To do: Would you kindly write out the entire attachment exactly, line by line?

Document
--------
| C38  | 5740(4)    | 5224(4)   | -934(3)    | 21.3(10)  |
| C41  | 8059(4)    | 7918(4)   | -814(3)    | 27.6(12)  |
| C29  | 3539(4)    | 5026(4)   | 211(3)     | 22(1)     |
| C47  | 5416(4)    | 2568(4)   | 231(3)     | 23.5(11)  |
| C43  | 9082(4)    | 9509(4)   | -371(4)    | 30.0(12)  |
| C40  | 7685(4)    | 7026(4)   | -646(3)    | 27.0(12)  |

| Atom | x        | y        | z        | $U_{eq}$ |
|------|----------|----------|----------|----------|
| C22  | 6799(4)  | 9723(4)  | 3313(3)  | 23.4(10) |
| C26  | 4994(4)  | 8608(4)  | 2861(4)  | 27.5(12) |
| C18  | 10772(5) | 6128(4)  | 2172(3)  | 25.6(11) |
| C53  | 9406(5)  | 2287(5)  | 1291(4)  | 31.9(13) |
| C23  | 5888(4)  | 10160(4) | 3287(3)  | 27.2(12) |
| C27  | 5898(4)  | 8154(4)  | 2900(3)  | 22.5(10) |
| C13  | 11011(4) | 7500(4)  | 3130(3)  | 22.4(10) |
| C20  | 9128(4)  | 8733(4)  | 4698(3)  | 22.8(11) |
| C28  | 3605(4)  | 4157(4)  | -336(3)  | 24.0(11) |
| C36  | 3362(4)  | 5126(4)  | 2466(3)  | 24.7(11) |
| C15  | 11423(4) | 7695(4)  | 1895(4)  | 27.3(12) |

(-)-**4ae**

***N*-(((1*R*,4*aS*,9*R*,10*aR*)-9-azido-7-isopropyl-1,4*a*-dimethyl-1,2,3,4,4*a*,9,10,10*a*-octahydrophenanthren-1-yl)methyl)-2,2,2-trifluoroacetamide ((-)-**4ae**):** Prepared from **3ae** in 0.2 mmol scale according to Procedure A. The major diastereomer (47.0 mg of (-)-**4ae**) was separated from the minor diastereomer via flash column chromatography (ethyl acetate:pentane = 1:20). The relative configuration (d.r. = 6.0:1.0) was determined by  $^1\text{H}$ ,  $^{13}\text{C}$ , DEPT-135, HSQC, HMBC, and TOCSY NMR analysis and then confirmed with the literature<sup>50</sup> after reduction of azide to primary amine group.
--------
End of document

| C38  | 5740(4)    | 5224(4)   | -934(3)    | 21.3(10)  |
| C41  | 8059(4)    | 7918(4)   | -814(3)    | 27.6(12)  |
| C29  | 3539(4)    | 5026(4)   | 211(3)     | 22(1)     |
| C47  | 5416(4)    | 2568(4)   | 231(3)     | 23.5(11)  |
| C43  | 9082(4)    | 9509(4)   | -371(4)    | 30.0(12)  |
| C40  | 7685(4)    | 7026(4)   | -646(3)    | 27.0(12)  |

| Atom | x        | y        | z        | $U_{eq}$ |
|------|----------|----------|----------|----------|
| C22  | 6799(4)  | 9723(4)  | 3313(3)  | 23.4(10) |
| C26  | 4994(4)  | 8608(4)  | 2861(4)  | 27.5(12) |
| C18  | 10772(5) | 6128(4)  | 2172(3)  | 25.6(11) |
| C53  | 9406(5)  | 2287(5)  | 1291(4)  | 31.9(13) |
| C23  | 5888(4)  | 10160(4) | 3287(3)  | 27.2(12) |
| C27  | 5898(4)  | 8154(4)  | 2900(3)  | 22.5(10) |
| C13  | 11011(4) | 7500(4)  | 3130(3)  | 22.4(10) |
| C20  | 9128(4)  | 8733(4)  | 4698(3)  | 22.8(11) |
| C28  | 3605(4)  | 4157(4)  | -336(3)  | 24.0(11) |
| C36  | 3362(4)  | 5126(4)  | 2466(3)  | 24.7(11) |
| C15  | 11423(4) | 7695(4)  | 1895(4)  | 27.3(12) |

(-)-**4ae**

***N*-(((1*R*,4*aS*,9*R*,10*aR*)-9-azido-7-isopropyl-1,4*a*-dimethyl-1,2,3,4,4*a*,9,10,10*a*-octahydrophenanthren-1-yl)methyl)-2,2,2-trifluoroacetamide ((-)-**4ae**):** Prepared from **3ae** in 0.2 mmol scale according to Procedure A. The major diastereomer (47.0 mg of (-)-**4ae**) was separated from the minor diastereomer via flash column chromatography (ethyl acetate:pentane = 1:20). The relative configuration (d.r. = 6.0:1.0) was determined by  $^1\text{H}$ ,  $^{13}\text{C}$ , DEPT-135, HSQC, HMBC, and TOCSY NMR analysis and then confirmed with the literature<sup>50</sup> after reduction of azide to primary amine group.